Charter mulls competing to acquire Time Warner Cable

Even as Comcast (NASDAQ: CMCSA) and Time Warner Cable (NYSE: TWC) executives put on a united front defending Comcast's $45.2 billion takeover of TWC, Charter Communications (NASDAQ: CHTR), a spurned suitor for the nation's second biggest MSO, is mulling a bidding war.

A Bloomberg report, citing people with knowledge of the matter, said that Charter has not overcome the sting of being rejected in favor of Comcast and could rise up to again compete with Comcast. Adding to the intrigue, and creating a slight opening for Charter, is the fact that Comcast's stock price has declined since the merger was announced, reflecting market concern about the deal.

The St. Louis-based Charter could raise its bid for TWC, but if it loses, it may not even get the consolation prize of 3 million subscribers Comcast has pledged to divest if its deal goes through. Those subscribers would, at least in part, satisfy subscriber growth targets set by Charter's biggest investor, John Malone's Liberty Media.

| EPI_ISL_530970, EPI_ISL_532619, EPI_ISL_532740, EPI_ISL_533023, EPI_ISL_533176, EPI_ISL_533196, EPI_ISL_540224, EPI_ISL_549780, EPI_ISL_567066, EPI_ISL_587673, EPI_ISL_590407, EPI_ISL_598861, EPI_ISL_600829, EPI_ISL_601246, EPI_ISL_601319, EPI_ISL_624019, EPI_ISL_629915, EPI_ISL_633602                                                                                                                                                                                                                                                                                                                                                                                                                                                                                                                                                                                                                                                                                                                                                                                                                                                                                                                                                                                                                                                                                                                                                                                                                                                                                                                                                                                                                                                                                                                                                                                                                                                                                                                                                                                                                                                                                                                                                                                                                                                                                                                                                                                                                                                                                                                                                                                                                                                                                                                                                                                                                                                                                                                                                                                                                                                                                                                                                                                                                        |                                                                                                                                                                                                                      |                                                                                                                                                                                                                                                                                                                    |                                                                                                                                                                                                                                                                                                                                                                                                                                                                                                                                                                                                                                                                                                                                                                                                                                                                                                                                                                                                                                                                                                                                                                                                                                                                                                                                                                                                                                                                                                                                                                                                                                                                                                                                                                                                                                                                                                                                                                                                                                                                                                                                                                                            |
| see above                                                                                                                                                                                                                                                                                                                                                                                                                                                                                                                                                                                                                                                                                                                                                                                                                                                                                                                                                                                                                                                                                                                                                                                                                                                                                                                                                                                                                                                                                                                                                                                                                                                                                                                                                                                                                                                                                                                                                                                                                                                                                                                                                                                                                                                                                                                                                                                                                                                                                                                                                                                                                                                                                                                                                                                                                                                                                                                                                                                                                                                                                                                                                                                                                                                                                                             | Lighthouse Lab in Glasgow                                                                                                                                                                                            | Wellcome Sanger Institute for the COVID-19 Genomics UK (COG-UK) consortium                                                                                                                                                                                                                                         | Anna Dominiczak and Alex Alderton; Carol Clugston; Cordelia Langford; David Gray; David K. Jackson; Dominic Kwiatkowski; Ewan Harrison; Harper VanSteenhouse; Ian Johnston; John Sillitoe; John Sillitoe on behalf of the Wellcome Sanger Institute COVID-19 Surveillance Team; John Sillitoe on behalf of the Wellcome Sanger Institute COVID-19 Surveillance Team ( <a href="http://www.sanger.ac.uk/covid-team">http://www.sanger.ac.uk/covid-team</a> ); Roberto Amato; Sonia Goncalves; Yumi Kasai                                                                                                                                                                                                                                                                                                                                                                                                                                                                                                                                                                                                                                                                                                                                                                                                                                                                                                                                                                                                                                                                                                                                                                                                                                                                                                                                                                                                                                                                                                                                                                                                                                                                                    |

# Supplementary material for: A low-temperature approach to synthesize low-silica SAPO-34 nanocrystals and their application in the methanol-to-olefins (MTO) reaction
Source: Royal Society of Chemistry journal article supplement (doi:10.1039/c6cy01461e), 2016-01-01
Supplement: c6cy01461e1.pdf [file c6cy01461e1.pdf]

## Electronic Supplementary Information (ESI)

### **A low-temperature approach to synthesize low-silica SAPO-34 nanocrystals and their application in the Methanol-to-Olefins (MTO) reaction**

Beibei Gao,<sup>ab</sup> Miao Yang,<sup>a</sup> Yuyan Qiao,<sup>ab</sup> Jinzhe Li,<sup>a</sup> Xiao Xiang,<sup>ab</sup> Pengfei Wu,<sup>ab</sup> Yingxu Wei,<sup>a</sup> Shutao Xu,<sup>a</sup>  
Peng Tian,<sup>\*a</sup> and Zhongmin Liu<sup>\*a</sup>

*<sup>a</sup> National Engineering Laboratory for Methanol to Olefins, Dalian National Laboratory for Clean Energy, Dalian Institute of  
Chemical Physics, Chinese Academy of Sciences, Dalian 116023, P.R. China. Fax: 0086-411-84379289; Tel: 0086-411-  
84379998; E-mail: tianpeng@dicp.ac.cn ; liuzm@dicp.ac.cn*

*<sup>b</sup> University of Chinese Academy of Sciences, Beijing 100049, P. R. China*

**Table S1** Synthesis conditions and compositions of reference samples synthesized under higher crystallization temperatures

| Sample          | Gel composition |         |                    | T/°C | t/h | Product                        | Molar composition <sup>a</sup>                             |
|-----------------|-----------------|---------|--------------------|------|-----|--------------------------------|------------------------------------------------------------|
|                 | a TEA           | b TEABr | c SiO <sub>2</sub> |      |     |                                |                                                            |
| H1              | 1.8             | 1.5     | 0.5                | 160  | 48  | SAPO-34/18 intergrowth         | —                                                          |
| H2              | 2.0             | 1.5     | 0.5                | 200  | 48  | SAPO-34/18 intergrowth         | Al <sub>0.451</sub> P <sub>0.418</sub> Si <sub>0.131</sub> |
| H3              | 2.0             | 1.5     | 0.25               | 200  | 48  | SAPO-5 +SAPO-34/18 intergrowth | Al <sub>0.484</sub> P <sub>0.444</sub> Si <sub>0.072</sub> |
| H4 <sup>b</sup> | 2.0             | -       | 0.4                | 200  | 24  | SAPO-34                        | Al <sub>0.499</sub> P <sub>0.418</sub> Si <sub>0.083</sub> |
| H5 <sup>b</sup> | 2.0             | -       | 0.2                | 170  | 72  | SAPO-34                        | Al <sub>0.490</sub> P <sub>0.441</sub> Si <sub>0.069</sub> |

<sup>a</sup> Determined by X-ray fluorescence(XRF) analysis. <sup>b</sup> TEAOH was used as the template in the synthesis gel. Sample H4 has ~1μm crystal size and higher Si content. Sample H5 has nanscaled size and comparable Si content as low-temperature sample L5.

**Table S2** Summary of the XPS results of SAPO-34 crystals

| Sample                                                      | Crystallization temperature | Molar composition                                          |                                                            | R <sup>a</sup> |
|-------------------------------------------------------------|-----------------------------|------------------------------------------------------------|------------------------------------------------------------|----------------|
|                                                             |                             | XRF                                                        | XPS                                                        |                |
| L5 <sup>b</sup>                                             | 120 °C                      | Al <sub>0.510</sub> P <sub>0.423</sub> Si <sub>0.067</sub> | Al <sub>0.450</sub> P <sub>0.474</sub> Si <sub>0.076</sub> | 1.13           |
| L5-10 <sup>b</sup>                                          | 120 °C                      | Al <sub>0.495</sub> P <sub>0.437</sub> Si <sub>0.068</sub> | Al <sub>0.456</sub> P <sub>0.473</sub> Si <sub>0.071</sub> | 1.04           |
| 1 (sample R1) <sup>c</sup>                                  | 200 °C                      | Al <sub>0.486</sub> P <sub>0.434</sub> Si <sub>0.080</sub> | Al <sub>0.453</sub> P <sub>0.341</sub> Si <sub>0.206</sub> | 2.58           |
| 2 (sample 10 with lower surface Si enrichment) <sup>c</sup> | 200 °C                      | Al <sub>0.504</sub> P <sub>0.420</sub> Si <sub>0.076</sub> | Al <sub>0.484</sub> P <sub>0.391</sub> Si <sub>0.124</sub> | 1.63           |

Comcast has said it would sell the 3 million subscribers, probably for $18 billion. Other MSOs have expressed interest, and there was at least one report that a group of exiled Time Warner Cable execs would take the subs and start a new company.

Charter has already ruffled some features at both Comcast and Time Warner by publicly urging TWC investors to reject the Comcast bid.

"Charter is probably still getting under Comcast's skin by continuing their proxy effort," Wunderlich securities analyst Matthew Harrigan said in the story.

Comcast has certainly gotten under Charter's skin. Charter had started the bidding for Time Warner Cable for $37 billion with Comcast as a potential partner. The Philadelphia MSO then topped that bid and left Charter in the cold.

It is, for all intents and purposes, becoming more personal than just business.

"It's a real game theory situation that's tough to address," Harrigan said. "Comcast probably doesn't want to go higher on the price for Time Warner Cable. You have to be careful about cable valuations in this environment. But that affects Charter too. So I think Charter's in a bit of a box."

Spokesmen for both Comcast and Charter declined to comment on the Bloomberg story.

For more:
- see this Bloomberg story

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